Participants in this study, who all hailed from the Northern Hemisphere, should perceive downward-pointing magnetic fields as natural, whereas upward fields would constitute an anomaly, the researchers argue. Magnetoreceptive animals are known to shut off their internal compasses when encountering weird fields, such as those caused by lightning, which might lead the animals astray. Northern-born humans may similarly take their magnetic sense “offline” when faced with strange, upward-pointing fields...

      Even accounting for which magnetic changes the brain picks up, researchers still don’t know what our minds might use that information for, (Caltech neurobiologist and geophysicist Joseph) Kirschvink says. Another lingering mystery is how, exactly, our brains detect Earth’s magnetic field. According to the researchers, the brain wave patterns uncovered in this study may be explained by sensory cells containing a magnetic mineral called magnetite, which has been found in magnetoreceptive trout as well as in the human brain.

      "Transduction of the Geomagnetic Field as Evidenced from Alpha-band Activity in the Human Brain" (eNeuro)

      "Evidence for a Human Geomagnetic Sense" (Caltech)

      Truck-eating bridge claims a new victim

      On March 13, the driver of a Ryder truck missed multiple warnings signs and ran into infamous "can-opener" bridge in Durham, NC. People have been offering solutions for this problematic bridge for years, but there doesn't seem to one that will take care of the problem.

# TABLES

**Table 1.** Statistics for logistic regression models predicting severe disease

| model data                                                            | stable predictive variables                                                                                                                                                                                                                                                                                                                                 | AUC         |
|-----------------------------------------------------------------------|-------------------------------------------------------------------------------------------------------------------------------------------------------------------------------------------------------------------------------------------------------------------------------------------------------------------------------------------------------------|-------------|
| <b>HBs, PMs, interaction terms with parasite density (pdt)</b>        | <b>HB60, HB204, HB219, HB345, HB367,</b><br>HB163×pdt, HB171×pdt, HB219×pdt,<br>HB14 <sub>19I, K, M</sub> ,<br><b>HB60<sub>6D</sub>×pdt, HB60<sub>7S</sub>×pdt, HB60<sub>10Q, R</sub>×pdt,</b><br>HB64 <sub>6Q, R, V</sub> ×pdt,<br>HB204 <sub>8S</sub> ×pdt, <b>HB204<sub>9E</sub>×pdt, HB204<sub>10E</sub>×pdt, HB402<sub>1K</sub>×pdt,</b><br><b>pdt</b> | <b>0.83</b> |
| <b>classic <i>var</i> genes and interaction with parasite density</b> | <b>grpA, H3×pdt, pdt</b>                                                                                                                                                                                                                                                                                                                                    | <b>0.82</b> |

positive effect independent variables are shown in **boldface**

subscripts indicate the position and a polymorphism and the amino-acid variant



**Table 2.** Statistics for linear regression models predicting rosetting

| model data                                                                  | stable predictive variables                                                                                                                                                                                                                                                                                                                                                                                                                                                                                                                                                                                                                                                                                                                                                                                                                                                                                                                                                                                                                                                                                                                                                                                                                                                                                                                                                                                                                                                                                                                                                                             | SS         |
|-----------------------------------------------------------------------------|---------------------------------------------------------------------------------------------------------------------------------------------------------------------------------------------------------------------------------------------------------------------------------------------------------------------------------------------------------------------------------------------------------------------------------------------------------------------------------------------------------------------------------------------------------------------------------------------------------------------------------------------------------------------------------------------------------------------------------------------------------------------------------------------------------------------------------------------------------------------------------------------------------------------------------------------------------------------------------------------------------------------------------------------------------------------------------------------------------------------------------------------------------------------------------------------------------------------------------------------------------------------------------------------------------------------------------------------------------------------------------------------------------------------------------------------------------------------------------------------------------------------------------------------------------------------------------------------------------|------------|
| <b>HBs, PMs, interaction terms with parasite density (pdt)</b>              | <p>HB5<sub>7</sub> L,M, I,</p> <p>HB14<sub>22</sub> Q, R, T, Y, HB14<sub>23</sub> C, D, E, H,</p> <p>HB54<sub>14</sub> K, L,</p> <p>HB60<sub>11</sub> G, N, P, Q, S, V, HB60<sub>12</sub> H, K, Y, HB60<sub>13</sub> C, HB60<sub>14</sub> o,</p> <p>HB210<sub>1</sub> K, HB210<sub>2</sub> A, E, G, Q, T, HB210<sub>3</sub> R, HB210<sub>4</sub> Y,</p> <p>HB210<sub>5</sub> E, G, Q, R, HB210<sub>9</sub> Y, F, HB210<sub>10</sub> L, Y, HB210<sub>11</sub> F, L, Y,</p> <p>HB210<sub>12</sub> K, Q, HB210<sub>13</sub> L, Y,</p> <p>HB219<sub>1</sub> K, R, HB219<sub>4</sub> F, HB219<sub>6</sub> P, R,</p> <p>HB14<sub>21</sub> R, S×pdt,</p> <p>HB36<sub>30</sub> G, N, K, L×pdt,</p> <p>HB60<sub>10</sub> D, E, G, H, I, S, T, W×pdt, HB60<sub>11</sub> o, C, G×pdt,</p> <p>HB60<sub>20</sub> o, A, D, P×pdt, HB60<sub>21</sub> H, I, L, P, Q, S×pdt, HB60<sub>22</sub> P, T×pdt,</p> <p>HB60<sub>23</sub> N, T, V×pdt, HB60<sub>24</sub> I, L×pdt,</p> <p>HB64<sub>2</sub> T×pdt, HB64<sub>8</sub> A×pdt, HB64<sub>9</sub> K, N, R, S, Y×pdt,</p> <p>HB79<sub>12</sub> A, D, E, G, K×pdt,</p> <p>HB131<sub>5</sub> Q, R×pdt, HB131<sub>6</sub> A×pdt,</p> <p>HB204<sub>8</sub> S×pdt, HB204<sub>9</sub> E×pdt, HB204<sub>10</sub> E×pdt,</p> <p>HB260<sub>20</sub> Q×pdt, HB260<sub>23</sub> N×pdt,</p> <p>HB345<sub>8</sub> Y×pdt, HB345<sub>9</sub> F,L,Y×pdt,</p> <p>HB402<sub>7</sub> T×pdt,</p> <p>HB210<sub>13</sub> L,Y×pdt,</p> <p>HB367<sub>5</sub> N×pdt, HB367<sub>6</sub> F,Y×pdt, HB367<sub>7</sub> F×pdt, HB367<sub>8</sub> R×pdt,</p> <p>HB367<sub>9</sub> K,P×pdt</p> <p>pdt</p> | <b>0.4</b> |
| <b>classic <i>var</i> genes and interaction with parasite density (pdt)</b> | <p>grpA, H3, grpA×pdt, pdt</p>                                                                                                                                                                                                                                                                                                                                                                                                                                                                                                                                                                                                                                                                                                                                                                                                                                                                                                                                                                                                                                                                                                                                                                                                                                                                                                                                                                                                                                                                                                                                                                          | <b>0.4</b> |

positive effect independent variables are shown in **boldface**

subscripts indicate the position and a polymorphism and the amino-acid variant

What about some kind of system that senses the height of the truck and unfurls a banner from the bridge that reads STOP! in red letters? Here's a mock-up of what I'm thinking:

      Images: YouTube

      For sale: home that inspired Emily Bront?'s Wuthering Heights

      Ponden Hall, a nine bedroom house in Stanbury, West Yorkshire, England, is considered to be the inspiration for Emily Bront?'s Wuthering Heights and sister Anne's Wildfell Hall. The Bront?s spent a great deal of time on the property in the early 1800s. Now it could be yours. Current owner and Bront? superfan Julie Akhurst and her husband have put it on the market for £1.25m. In their twenty years of ownership, they've completed a major, yet careful, renovation and opened it as a B&B for other Bront? geeks. From the Yorkshire Post:

      The most popular B&B room at Ponden Hall is the Earnshaw room. It features a tiny east gable window that exactly fits Emily Bront?’s description in Wuthering Heights of Cathy’s ghost scratching furiously at the glass trying to get in...